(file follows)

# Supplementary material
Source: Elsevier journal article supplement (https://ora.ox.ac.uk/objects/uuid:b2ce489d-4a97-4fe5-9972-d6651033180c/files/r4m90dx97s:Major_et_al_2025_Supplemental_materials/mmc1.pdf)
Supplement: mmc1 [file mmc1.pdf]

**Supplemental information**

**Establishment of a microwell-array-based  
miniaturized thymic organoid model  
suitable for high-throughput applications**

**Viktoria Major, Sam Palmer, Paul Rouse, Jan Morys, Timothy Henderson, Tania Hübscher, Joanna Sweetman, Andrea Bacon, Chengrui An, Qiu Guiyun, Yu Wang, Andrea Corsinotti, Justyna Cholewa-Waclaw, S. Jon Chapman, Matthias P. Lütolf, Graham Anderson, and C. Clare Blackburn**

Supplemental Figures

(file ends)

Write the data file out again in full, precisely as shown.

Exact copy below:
# Supplementary material
Source: Elsevier journal article supplement (https://ora.ox.ac.uk/objects/uuid:b2ce489d-4a97-4fe5-9972-d6651033180c/files/r4m90dx97s:Major_et_al_2025_Supplemental_materials/mmc1.pdf)
Supplement: mmc1 [file mmc1.pdf]

**Supplemental information**

**Establishment of a microwell-array-based  
miniaturized thymic organoid model  
suitable for high-throughput applications**

**Viktoria Major, Sam Palmer, Paul Rouse, Jan Morys, Timothy Henderson, Tania Hübscher, Joanna Sweetman, Andrea Bacon, Chengrui An, Qiu Guiyun, Yu Wang, Andrea Corsinotti, Justyna Cholewa-Waclaw, S. Jon Chapman, Matthias P. Lütolf, Graham Anderson, and C. Clare Blackburn**

Supplemental Figures